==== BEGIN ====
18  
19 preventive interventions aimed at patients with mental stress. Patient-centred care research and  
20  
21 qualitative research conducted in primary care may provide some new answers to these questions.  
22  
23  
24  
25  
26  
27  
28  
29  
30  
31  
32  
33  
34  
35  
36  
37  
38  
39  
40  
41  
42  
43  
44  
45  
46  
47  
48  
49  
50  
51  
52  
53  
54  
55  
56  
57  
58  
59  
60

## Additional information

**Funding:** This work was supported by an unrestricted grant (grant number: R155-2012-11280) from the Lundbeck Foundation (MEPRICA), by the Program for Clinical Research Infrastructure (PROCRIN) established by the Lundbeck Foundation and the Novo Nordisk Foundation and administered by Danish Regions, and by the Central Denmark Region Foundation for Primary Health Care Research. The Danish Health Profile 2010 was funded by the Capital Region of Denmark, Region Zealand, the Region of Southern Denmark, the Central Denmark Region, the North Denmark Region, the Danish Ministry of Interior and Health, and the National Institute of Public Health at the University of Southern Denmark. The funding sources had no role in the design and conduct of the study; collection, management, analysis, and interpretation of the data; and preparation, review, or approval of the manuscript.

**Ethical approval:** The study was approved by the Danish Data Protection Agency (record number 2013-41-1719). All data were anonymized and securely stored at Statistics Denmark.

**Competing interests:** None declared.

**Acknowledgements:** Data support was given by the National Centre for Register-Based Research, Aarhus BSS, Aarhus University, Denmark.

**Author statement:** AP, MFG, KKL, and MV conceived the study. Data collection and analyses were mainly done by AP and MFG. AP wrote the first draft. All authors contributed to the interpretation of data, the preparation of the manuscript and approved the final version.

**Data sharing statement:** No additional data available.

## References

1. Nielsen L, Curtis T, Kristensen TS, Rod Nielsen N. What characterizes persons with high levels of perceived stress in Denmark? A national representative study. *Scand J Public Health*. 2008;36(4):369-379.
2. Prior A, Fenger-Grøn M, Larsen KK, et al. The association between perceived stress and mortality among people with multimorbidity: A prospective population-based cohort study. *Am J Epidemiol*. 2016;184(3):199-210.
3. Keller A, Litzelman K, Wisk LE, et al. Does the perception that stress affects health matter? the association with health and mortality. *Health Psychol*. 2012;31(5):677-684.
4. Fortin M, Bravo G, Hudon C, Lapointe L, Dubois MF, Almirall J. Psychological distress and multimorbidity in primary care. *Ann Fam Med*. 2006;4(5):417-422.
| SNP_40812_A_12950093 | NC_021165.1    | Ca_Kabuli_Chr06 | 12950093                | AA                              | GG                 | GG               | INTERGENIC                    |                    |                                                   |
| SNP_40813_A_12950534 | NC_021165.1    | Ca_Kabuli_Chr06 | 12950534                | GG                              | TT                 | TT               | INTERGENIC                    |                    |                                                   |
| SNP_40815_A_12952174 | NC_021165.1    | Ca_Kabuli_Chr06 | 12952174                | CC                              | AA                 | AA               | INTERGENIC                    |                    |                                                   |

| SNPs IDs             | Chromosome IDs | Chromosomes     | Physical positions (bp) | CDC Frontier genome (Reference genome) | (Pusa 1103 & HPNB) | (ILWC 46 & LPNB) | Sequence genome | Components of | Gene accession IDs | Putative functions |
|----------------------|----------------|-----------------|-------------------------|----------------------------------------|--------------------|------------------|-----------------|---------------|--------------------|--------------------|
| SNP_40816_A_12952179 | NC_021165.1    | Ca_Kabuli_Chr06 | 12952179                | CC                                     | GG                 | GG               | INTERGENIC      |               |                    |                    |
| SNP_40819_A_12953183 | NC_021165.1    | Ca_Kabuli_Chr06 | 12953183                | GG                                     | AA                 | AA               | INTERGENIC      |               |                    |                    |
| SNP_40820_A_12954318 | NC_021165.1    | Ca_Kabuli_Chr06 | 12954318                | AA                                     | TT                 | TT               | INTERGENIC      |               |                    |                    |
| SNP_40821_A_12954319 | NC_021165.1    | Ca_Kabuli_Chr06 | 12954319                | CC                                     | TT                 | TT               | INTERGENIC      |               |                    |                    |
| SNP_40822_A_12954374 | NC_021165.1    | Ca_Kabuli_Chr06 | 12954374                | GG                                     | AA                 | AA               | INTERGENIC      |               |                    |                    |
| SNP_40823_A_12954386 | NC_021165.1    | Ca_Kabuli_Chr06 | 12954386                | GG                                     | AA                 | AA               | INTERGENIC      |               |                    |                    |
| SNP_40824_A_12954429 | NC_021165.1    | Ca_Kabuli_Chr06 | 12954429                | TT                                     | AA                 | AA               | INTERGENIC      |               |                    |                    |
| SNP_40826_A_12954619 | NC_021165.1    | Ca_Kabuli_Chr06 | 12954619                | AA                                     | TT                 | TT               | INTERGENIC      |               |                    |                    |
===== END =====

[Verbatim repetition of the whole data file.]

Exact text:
18  
19 preventive interventions aimed at patients with mental stress. Patient-centred care research and  
20  
21 qualitative research conducted in primary care may provide some new answers to these questions.  
22  
23  
24  
25  
26  
27  
28  
29  
30  
31  
32  
33  
34  
35  
36  
37  
38  
39  
40  
41  
42  
43  
44  
45  
46  
47  
48  
49  
50  
51  
52  
53  
54  
55  
56  
57  
58  
59  
60

## Additional information

**Funding:** This work was supported by an unrestricted grant (grant number: R155-2012-11280) from the Lundbeck Foundation (MEPRICA), by the Program for Clinical Research Infrastructure (PROCRIN) established by the Lundbeck Foundation and the Novo Nordisk Foundation and administered by Danish Regions, and by the Central Denmark Region Foundation for Primary Health Care Research. The Danish Health Profile 2010 was funded by the Capital Region of Denmark, Region Zealand, the Region of Southern Denmark, the Central Denmark Region, the North Denmark Region, the Danish Ministry of Interior and Health, and the National Institute of Public Health at the University of Southern Denmark. The funding sources had no role in the design and conduct of the study; collection, management, analysis, and interpretation of the data; and preparation, review, or approval of the manuscript.

**Ethical approval:** The study was approved by the Danish Data Protection Agency (record number 2013-41-1719). All data were anonymized and securely stored at Statistics Denmark.

**Competing interests:** None declared.

**Acknowledgements:** Data support was given by the National Centre for Register-Based Research, Aarhus BSS, Aarhus University, Denmark.

**Author statement:** AP, MFG, KKL, and MV conceived the study. Data collection and analyses were mainly done by AP and MFG. AP wrote the first draft. All authors contributed to the interpretation of data, the preparation of the manuscript and approved the final version.

**Data sharing statement:** No additional data available.

## References

1. Nielsen L, Curtis T, Kristensen TS, Rod Nielsen N. What characterizes persons with high levels of perceived stress in Denmark? A national representative study. *Scand J Public Health*. 2008;36(4):369-379.
2. Prior A, Fenger-Grøn M, Larsen KK, et al. The association between perceived stress and mortality among people with multimorbidity: A prospective population-based cohort study. *Am J Epidemiol*. 2016;184(3):199-210.
3. Keller A, Litzelman K, Wisk LE, et al. Does the perception that stress affects health matter? the association with health and mortality. *Health Psychol*. 2012;31(5):677-684.
4. Fortin M, Bravo G, Hudon C, Lapointe L, Dubois MF, Almirall J. Psychological distress and multimorbidity in primary care. *Ann Fam Med*. 2006;4(5):417-422.
| SNP_40812_A_12950093 | NC_021165.1    | Ca_Kabuli_Chr06 | 12950093                | AA                              | GG                 | GG               | INTERGENIC                    |                    |                                                   |
| SNP_40813_A_12950534 | NC_021165.1    | Ca_Kabuli_Chr06 | 12950534                | GG                              | TT                 | TT               | INTERGENIC                    |                    |                                                   |
| SNP_40815_A_12952174 | NC_021165.1    | Ca_Kabuli_Chr06 | 12952174                | CC                              | AA                 | AA               | INTERGENIC                    |                    |                                                   |

| SNPs IDs             | Chromosome IDs | Chromosomes     | Physical positions (bp) | CDC Frontier genome (Reference genome) | (Pusa 1103 & HPNB) | (ILWC 46 & LPNB) | Sequence genome | Components of | Gene accession IDs | Putative functions |
|----------------------|----------------|-----------------|-------------------------|----------------------------------------|--------------------|------------------|-----------------|---------------|--------------------|--------------------|
| SNP_40816_A_12952179 | NC_021165.1    | Ca_Kabuli_Chr06 | 12952179                | CC                                     | GG                 | GG               | INTERGENIC      |               |                    |                    |
| SNP_40819_A_12953183 | NC_021165.1    | Ca_Kabuli_Chr06 | 12953183                | GG                                     | AA                 | AA               | INTERGENIC      |               |                    |                    |
| SNP_40820_A_12954318 | NC_021165.1    | Ca_Kabuli_Chr06 | 12954318                | AA                                     | TT                 | TT               | INTERGENIC      |               |                    |                    |
| SNP_40821_A_12954319 | NC_021165.1    | Ca_Kabuli_Chr06 | 12954319                | CC                                     | TT                 | TT               | INTERGENIC      |               |                    |                    |
| SNP_40822_A_12954374 | NC_021165.1    | Ca_Kabuli_Chr06 | 12954374                | GG                                     | AA                 | AA               | INTERGENIC      |               |                    |                    |
| SNP_40823_A_12954386 | NC_021165.1    | Ca_Kabuli_Chr06 | 12954386                | GG                                     | AA                 | AA               | INTERGENIC      |               |                    |                    |
| SNP_40824_A_12954429 | NC_021165.1    | Ca_Kabuli_Chr06 | 12954429                | TT                                     | AA                 | AA               | INTERGENIC      |               |                    |                    |
| SNP_40826_A_12954619 | NC_021165.1    | Ca_Kabuli_Chr06 | 12954619                | AA                                     | TT                 | TT               | INTERGENIC      |               |                    |                    |